From a Queen to a King to What?  Belize Still Waiting in 2024

By Dylan Vernon, Real Story #8, April 15, 2024.

In my Fifteen Proposals for a People’s Constitution, I argue that replacing the British monarch as our Head of State must be more than symbolic. Changing nothing else will simply mean that we move from being a parliamentary monarchy to a parliamentary republic with a Belizean figurehead. When the time does come, how can we make it more substantive than just changing figureheads? My proposal for a directly elected national leader (often called a president) leading a Cabinet with members from outside the legislature will receive intense opposition from those who benefit most from the existing power dynamics. But prior to even discussing this or any proposal on what kind of republic we want to be, we have to agree that we want to be one. Even in 2024, that part does not seem straightforward.

Looking Back: Republic Talk in 1963

Photo shows W.H. Courtenay, C.L.B Rogers and George Price signing on to the self-government Constitution in London in July 1963.

In pre-independence Belize the majority public sentiment leaned decidedly towards imitating British parliamentary model and practice. But, since the nationalist movement began in the 1950’s there were always alternative voices.… Read the rest...

Talking About a Revolution? Fifteen Proposals for a People’s Constitution

By Dylan Vernon, TIME COME #6, 3 April 2024.

What should be in the Constitution of Belize to truly make it a ‘People’s Constitution’? We complain and, sometimes, even agree about what’s wrong, but finding common, enduring and impactful reforms eludes us. In this TIME COME, I share some pieces of the puzzle that I believe are needed for framing meaningful constitutional change. These fifteen proposals evolve from long years of analysis and advocacy for political reforms that enhance both formal and social democracy. They are not all original nor exhaustive but hopefully provocative. Some will be deemed too radical, a few too conservative. But it is crystal clear that incremental partisan constitutional tinkering since independence has failed miserably to tackle the core threats to the quality of our democracy and national development. It’s high time for revolutionary constitutional thinking and action.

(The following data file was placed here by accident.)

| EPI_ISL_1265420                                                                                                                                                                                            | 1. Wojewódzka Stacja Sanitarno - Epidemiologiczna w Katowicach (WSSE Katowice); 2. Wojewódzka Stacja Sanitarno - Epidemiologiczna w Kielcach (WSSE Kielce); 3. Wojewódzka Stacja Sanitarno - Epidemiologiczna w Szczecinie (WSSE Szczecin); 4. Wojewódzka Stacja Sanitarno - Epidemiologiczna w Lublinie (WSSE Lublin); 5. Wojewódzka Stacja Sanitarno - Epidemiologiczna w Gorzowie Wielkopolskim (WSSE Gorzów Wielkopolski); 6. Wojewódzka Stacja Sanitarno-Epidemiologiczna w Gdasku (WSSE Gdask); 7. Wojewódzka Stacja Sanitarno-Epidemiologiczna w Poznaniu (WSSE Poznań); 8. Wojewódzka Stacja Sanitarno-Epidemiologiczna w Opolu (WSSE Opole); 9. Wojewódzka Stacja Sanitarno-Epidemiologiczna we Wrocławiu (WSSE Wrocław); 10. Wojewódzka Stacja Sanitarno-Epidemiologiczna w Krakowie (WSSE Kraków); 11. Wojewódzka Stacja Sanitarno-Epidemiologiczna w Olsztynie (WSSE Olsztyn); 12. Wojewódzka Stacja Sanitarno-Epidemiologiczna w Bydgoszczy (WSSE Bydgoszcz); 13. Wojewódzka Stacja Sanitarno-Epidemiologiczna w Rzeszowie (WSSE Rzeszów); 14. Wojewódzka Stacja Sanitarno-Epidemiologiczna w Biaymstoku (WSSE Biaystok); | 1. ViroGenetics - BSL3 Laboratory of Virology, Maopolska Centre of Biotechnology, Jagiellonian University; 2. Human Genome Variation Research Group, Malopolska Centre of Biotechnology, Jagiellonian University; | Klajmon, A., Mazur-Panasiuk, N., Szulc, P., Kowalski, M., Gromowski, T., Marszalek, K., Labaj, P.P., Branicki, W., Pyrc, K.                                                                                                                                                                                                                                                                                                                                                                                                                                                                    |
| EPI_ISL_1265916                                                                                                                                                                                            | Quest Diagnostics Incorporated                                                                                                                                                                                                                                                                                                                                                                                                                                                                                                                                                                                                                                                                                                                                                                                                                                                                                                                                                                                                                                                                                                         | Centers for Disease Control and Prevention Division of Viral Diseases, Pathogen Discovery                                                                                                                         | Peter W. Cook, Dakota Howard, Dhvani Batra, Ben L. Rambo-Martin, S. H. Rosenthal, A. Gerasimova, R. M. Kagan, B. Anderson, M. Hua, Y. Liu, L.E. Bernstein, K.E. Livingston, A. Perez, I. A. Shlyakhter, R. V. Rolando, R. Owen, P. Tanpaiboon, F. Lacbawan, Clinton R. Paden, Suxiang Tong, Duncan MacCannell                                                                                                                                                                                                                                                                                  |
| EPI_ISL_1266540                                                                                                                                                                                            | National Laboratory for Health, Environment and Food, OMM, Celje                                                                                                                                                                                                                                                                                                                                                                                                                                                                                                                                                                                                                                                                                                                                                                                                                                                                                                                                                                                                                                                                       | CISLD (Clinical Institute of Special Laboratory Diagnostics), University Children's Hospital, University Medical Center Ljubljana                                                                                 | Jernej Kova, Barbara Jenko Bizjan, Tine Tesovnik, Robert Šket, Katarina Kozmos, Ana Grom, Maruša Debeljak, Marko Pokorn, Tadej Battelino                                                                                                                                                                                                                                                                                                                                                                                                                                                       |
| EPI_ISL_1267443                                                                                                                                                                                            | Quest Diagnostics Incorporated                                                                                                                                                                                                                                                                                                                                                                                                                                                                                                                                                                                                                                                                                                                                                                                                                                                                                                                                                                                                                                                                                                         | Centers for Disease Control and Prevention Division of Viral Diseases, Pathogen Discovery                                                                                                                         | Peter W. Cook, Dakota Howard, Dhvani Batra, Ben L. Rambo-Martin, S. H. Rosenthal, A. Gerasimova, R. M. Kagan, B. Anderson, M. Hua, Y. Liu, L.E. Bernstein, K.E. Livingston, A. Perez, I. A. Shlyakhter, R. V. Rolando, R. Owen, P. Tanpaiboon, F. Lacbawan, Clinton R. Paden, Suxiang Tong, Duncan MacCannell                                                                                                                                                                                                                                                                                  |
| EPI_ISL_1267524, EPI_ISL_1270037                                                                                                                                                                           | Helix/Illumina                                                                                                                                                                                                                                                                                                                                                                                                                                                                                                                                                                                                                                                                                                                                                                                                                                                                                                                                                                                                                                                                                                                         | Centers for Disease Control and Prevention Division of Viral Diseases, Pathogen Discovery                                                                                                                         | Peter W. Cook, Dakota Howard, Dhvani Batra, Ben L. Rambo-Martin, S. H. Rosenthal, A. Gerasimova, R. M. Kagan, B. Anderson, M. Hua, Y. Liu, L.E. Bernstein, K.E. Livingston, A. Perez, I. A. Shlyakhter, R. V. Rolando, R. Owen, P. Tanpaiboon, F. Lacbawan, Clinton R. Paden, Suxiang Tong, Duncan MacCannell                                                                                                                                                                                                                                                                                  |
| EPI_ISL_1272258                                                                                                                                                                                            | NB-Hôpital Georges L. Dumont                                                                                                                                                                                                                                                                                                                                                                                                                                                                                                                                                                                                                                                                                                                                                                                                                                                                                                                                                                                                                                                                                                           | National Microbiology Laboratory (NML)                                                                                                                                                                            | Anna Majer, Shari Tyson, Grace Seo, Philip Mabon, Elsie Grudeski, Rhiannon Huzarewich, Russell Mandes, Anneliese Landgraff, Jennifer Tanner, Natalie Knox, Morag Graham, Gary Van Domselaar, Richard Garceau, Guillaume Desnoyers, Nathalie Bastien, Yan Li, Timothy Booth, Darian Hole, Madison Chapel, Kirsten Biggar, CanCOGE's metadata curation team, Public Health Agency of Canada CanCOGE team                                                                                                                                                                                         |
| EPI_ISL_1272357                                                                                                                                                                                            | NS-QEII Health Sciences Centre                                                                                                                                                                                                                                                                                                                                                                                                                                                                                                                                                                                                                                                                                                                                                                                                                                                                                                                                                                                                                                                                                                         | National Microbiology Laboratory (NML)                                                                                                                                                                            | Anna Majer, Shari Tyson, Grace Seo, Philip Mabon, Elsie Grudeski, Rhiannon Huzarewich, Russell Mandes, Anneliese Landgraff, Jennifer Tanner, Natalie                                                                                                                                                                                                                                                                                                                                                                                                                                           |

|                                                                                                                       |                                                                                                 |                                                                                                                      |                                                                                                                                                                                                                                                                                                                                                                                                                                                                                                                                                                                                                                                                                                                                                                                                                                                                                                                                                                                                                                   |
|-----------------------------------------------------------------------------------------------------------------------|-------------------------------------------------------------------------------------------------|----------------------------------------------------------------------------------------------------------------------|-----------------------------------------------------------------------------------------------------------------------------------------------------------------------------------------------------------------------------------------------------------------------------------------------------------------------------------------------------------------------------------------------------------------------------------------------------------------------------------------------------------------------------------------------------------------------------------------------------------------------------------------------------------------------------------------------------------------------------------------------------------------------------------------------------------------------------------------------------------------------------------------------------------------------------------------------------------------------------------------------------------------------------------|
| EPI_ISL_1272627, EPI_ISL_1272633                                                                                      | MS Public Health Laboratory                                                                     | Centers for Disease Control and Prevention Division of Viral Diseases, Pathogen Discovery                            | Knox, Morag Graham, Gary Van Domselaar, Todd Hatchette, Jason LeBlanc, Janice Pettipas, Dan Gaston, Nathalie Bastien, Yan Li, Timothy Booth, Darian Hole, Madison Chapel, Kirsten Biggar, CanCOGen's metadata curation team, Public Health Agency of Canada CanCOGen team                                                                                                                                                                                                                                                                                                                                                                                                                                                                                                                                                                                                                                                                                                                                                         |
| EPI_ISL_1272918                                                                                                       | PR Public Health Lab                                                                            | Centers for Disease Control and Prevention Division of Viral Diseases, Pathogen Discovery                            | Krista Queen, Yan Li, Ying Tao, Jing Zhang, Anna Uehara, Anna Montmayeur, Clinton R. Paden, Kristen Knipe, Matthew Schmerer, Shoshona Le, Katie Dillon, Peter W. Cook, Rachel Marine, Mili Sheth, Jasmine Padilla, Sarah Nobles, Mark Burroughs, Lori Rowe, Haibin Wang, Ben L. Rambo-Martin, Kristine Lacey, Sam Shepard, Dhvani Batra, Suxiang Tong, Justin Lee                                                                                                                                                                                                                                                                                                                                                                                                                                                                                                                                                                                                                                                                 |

A Constitution – More Than Fancy Words

If Belize’s expensive education system and if the current People’s Constitution Commission (PCC) were on the ball, more Belizeans would know that our Constitution should not be distant from our common aspirations, problems and lived realities. More Belizeans would know why our Constitution and its reform are crucially important for our enjoyment of human rights, for better governance and for the public issues that affect our daily livelihoods – jobs, taxes, education, roads, security, housing, healthcare etc.… Read the rest...

Representation of the People – challenging our shallow democracy

By Harold A. Young, Guest Post #1, February 19, 2024.

(NOTE: This offering of TIME COME features its very first Guest Post. My fellow Belizean Dr. Harold A. Young is Associate Professor in the Department of Political Science & Public Management at Austin Peay State University, Tennessee.  Click on his name for a bio).

The 1981 Constitution of Belize and all subsequent amendments comprise the supreme law of the land. The Constitution of Belize follows closely the template of most former British colonies. A pillar of our Westminster parliamentary system is bicameral Legislature (House Representatives and Senate enshrined in Part VI, Articles 56 through 67). This essay focuses on one major issue: the need for more effective representation the House of Representatives, and a brief introduction to possible alternative frameworks for voting.